a slightly looser stitch than normal.
- After they are secured together, remove the pins and treat as one
piece of fabric... The fabric will now have a heaver hand and work
better where heavy fabric is required.
- Yes, you can get away with not securing the pieces completely, but
you'd better make sure you've pinned all your layers together very
smoothly. The wrinkles with be various obvious if they're not lined
- What are princess seams?
- Princess seams are shaped seams that run down the front side of a
dresses or shirt to fit a garment closely. Use them in place of
darts. They are very elegant. Check out
this picture... the dress has long princess seams running down the
- What is an empire waist?
- Higher than normal waist seam. Fits under the bust. Seam
ends either under the bust or a few inches down
- What is a gusset?
- This is a small square or triangular shaped piece of fabric that is
inserted to help shape a garment and give more movement. These
were mainly used when patterns were cut mostly out of square and
rectangles to conserve hand woven fabrics.
- A square gusset would be attached under the sleeve where it joined
- A skirt or a top could be widened out to go over the hips with
flare by adding a triangular piece of fabric.
- How to put in gussets and gores
- What are set in sleeves?
- These are the standard sleeves you see in most garments today.
The armhole is curved in so the top of the sleeve actually sits at your
shoulder top. The sleeve cap (top of the sleeve pattern) curves
out to smoothly fit the sleeve. The method of fitting a sleeve
into a top give a better range of movement and less bunk of fabric under
- What is an inkle weave? (like for Frodo's suspenders)
- Tips and techniques from a wonderful site called
Windows. It's more for curtains and home decorations, but
translates into 5 languages.
- What is a Sloper?
- A sloper is a close fitted basic pattern from which you can make a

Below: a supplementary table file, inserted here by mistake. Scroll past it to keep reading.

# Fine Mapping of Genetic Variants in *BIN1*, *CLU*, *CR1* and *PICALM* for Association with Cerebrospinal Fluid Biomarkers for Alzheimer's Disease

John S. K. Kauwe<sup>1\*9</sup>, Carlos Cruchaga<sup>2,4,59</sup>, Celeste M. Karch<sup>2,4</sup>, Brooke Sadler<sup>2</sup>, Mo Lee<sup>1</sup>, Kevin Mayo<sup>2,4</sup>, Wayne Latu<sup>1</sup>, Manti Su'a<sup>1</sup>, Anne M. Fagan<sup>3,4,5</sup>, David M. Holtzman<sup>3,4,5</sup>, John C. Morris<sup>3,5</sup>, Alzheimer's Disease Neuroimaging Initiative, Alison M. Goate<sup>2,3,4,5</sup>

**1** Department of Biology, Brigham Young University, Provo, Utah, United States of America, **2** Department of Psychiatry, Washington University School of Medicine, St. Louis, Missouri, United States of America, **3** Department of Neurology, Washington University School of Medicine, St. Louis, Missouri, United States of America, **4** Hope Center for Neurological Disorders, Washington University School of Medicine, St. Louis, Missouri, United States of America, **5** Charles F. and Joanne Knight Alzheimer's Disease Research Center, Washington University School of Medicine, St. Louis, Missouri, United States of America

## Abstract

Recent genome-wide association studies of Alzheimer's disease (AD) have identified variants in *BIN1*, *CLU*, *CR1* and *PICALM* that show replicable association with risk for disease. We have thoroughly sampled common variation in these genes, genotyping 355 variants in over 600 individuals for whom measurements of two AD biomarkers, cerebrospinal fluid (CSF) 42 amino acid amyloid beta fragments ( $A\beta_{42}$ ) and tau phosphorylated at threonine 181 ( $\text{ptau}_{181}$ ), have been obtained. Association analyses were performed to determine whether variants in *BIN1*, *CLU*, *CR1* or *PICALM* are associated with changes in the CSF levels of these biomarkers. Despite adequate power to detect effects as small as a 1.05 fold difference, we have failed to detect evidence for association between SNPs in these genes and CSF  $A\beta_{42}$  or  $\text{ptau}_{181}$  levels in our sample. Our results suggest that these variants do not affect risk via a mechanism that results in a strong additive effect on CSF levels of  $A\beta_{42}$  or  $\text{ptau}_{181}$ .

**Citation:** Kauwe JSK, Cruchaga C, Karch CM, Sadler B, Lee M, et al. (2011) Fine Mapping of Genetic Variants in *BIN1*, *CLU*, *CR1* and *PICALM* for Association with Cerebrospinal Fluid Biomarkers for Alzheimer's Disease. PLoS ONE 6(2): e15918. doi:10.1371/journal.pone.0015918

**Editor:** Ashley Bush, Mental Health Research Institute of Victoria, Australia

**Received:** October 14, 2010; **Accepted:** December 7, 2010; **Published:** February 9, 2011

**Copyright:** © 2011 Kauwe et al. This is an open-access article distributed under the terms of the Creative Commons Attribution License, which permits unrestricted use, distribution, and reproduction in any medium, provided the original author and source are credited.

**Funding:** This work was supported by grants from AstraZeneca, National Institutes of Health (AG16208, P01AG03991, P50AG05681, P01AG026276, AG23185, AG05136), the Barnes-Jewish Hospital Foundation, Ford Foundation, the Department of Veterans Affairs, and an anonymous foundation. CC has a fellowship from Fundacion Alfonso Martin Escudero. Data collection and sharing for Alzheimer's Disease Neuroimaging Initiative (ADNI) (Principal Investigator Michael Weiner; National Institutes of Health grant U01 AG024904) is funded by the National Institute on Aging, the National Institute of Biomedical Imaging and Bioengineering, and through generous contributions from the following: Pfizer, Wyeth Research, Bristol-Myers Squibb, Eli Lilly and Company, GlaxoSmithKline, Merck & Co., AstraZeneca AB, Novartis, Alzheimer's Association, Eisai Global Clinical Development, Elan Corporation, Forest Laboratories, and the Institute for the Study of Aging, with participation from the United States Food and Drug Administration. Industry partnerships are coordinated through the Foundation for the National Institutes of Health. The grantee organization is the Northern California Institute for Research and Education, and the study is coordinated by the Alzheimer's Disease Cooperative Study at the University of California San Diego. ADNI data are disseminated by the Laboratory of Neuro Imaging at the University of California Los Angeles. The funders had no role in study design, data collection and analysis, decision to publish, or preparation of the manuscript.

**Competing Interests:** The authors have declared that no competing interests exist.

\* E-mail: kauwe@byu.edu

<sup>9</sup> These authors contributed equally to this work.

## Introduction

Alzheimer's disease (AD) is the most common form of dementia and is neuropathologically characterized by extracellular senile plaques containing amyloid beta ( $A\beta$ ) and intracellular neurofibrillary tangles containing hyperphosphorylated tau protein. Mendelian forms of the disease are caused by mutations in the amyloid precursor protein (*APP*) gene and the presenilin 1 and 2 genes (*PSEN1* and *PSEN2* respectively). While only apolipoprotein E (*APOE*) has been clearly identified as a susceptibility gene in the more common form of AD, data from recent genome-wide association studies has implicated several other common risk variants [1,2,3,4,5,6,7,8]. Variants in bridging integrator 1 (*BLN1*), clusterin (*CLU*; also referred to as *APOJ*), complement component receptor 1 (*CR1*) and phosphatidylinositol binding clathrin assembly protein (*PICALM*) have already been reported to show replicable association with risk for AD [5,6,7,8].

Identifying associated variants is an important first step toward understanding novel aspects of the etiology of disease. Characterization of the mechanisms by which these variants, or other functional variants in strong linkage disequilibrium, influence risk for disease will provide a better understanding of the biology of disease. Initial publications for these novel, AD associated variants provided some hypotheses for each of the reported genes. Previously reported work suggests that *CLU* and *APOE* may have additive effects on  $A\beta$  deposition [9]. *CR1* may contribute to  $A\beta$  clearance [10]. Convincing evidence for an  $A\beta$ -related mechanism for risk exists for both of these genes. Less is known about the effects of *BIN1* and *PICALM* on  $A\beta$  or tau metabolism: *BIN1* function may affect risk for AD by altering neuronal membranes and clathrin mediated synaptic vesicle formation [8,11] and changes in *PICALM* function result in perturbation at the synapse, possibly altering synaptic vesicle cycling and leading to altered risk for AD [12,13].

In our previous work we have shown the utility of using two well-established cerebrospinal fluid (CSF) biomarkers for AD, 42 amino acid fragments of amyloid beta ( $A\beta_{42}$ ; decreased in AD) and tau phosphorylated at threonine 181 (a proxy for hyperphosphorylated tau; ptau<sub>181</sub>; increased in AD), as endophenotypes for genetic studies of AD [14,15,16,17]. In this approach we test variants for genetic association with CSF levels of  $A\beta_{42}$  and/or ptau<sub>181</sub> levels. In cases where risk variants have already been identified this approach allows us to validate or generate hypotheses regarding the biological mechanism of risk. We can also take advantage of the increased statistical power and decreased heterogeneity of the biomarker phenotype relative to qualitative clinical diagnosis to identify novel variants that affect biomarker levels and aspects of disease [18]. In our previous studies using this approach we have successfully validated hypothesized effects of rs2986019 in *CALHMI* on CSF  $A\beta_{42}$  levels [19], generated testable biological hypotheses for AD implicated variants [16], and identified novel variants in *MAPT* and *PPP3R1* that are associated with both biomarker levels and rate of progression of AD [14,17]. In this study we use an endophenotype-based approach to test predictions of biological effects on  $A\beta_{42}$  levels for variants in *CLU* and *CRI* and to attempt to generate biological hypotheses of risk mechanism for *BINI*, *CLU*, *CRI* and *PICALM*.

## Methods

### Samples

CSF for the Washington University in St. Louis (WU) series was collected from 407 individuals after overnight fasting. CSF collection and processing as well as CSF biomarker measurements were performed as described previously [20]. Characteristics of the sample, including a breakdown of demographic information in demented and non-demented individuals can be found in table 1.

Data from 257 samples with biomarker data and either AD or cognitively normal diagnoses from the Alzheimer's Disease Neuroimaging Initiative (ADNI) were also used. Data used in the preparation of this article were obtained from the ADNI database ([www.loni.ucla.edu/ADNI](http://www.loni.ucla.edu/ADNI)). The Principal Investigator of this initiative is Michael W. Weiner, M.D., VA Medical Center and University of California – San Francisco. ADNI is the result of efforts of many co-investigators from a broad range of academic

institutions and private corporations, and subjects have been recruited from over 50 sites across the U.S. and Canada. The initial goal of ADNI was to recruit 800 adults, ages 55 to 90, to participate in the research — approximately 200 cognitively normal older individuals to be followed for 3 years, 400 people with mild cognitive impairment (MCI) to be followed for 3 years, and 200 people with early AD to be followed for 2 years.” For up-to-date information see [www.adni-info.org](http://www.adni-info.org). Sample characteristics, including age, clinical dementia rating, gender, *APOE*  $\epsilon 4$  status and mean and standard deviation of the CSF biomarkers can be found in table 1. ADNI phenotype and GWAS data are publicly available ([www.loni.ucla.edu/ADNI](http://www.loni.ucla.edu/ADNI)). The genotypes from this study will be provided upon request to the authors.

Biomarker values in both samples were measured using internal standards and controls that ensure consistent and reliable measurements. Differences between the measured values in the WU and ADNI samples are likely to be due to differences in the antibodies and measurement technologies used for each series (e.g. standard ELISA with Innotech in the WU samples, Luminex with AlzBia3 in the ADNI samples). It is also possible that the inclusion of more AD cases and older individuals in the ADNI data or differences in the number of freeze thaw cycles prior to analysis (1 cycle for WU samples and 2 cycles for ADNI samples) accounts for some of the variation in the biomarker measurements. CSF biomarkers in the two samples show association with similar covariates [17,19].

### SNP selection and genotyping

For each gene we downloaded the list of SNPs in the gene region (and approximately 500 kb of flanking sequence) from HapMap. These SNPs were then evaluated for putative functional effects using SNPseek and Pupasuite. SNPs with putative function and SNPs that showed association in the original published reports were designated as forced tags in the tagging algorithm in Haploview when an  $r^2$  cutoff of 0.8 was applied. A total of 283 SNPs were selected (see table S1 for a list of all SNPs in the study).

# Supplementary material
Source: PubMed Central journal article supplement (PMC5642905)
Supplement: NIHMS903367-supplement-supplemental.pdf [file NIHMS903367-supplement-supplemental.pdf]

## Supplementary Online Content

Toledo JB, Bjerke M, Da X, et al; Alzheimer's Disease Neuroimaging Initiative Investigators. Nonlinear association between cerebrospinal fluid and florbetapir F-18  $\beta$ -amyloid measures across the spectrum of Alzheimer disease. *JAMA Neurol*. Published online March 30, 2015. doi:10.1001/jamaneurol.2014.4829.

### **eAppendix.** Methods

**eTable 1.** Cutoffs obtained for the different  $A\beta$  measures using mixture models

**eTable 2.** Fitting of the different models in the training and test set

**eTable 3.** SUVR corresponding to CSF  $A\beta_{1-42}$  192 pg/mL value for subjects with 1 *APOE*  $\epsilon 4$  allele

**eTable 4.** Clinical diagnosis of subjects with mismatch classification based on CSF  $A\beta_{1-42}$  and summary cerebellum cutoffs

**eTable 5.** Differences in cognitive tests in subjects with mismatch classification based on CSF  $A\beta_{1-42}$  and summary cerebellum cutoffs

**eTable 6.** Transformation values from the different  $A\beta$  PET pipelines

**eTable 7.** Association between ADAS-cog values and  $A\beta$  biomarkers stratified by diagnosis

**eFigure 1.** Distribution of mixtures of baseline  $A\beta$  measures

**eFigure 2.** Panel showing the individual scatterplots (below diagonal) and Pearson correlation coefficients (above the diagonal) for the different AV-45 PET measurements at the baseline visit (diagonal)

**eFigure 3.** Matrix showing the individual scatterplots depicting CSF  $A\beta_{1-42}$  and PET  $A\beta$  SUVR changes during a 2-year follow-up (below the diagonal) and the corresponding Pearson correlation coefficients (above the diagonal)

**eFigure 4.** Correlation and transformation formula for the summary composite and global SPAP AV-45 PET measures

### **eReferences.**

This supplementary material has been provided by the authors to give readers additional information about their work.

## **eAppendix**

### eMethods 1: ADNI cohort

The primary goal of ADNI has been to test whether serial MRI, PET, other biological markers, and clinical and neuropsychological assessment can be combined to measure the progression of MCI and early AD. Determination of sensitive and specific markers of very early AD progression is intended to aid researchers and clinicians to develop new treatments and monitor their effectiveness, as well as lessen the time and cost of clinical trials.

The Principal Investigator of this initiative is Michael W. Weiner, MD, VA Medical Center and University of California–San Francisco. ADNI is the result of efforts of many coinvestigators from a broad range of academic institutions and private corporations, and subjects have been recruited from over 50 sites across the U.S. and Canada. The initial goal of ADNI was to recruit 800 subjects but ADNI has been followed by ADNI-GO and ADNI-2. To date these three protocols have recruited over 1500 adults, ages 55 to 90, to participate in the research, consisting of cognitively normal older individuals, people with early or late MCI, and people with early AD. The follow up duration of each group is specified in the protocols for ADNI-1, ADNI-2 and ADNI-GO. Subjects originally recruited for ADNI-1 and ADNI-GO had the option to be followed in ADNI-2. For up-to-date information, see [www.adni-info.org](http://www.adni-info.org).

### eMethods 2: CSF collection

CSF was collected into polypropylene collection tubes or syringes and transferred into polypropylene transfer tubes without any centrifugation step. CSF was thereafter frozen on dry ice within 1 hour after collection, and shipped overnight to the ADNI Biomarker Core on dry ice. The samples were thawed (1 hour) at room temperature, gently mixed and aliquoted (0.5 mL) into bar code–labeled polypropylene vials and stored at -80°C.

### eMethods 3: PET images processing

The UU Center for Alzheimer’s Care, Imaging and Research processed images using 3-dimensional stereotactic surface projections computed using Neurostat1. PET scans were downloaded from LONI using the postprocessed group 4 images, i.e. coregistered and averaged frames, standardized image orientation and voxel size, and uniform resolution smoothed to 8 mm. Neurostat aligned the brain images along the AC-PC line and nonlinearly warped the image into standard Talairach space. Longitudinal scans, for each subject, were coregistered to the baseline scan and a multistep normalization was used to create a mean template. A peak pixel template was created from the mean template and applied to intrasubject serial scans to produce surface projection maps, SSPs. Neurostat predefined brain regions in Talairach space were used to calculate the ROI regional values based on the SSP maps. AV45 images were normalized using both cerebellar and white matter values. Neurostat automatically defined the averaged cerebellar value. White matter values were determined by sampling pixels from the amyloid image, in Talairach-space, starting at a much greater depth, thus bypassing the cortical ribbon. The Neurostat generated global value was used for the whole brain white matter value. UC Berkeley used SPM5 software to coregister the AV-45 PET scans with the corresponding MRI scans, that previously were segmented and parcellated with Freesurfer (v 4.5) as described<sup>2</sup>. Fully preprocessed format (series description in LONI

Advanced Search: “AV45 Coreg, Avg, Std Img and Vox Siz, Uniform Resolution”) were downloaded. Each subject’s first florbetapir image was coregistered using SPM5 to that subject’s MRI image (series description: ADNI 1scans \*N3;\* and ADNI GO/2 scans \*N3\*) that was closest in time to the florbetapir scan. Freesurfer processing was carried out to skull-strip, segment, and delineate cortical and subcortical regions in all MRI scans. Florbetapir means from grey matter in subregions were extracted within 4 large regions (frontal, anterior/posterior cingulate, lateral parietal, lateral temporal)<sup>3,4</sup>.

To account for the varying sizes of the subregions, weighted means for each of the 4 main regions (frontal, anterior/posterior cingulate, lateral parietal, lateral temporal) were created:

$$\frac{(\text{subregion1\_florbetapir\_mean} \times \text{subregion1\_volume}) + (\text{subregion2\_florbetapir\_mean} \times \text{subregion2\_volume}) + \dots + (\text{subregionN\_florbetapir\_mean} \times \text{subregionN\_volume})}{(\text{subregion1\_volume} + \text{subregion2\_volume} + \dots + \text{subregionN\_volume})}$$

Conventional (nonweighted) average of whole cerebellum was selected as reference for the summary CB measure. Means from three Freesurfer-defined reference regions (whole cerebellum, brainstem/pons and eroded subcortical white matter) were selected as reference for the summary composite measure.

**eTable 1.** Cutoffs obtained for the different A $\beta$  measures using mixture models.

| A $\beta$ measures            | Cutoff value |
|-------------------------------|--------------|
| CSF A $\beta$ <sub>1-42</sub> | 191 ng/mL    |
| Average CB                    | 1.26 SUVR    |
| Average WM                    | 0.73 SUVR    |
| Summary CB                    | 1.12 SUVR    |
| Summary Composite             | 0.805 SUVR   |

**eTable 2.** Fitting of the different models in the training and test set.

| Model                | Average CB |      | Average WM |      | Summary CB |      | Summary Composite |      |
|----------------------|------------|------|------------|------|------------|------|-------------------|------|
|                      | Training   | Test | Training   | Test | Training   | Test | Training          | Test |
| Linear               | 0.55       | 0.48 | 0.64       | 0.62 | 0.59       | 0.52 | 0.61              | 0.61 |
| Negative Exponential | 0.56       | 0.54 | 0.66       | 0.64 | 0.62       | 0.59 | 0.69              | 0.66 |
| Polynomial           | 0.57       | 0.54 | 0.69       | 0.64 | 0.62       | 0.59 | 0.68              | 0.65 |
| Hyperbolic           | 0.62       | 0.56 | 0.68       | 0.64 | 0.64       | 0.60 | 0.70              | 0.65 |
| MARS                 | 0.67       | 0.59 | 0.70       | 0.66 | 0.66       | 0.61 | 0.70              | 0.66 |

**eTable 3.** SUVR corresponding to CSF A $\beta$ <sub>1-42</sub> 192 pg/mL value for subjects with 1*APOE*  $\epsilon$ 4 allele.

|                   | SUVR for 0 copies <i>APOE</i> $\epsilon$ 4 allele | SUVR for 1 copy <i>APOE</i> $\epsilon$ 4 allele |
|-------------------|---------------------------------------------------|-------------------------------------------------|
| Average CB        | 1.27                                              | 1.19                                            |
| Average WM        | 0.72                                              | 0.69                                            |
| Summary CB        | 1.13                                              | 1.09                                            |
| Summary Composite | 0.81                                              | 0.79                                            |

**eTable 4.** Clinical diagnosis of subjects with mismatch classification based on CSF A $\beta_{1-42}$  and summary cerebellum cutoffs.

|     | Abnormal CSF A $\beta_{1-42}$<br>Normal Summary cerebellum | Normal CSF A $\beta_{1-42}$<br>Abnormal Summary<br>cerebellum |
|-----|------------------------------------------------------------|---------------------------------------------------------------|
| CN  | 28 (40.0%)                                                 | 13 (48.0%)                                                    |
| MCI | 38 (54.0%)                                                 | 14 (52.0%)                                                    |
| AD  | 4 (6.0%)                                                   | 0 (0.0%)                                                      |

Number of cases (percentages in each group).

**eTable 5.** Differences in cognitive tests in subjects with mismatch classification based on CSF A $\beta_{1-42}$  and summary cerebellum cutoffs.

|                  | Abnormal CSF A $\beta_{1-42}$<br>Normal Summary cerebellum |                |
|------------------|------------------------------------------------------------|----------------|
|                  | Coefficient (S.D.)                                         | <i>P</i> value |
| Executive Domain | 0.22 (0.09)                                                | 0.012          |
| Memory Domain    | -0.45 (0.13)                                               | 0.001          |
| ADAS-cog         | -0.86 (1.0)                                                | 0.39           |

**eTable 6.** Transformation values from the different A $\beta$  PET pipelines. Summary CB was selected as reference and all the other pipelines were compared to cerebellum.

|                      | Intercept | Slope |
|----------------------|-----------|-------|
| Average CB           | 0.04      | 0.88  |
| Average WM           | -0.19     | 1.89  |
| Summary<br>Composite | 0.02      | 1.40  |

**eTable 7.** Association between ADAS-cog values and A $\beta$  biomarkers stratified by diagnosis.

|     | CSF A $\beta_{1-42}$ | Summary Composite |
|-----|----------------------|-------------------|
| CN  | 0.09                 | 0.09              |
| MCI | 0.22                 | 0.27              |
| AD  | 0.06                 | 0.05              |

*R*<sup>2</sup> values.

whole range of patterns by altering it with darts, gathers, added ease,
- You can make a sloper either by draping it to your body or by taking a
range of measurements.
- Here's a great link with a lot more
info on slopers from "The Sloper Lady"
Groups - misc terms
- What are F-costume and H-costume
- f-costume and h-costume are mailing lists.
- F-costume is a "fantasy" list, traffic varies from nothing for a
week to intense chatter when a topic comes up. Good knowledge base of
folks out there. Good for about any level.
- H-costume is a historical list. Traffic is high, so I suggest
digest mode (much higher than we are this week, though this is a high
week for us). Large group of serious historical costumes. Mostly
intermediate and advance
- Who is the SCA and ICG/Guild?
- They are various costuming groups
- SCA: the Society for Creative Anachronism - medieval re-enactment.
Level varies from casual medieval knights and ladies at a picnic to
what's-the-thread-count-of-your-underwear by group. Real live group
all over, heavies focus is in the US, but fairly world wide. I won't
even begin to tell ya what list to try there. They have many.
Start here: http://www.sca.org/
- ICG: International Costumes Guild - Groups of costumes in North
America and Australia. Events vary by area.
Don't forget to check out out
construction tips as well as our makeup and
hair section, Share any tips with us at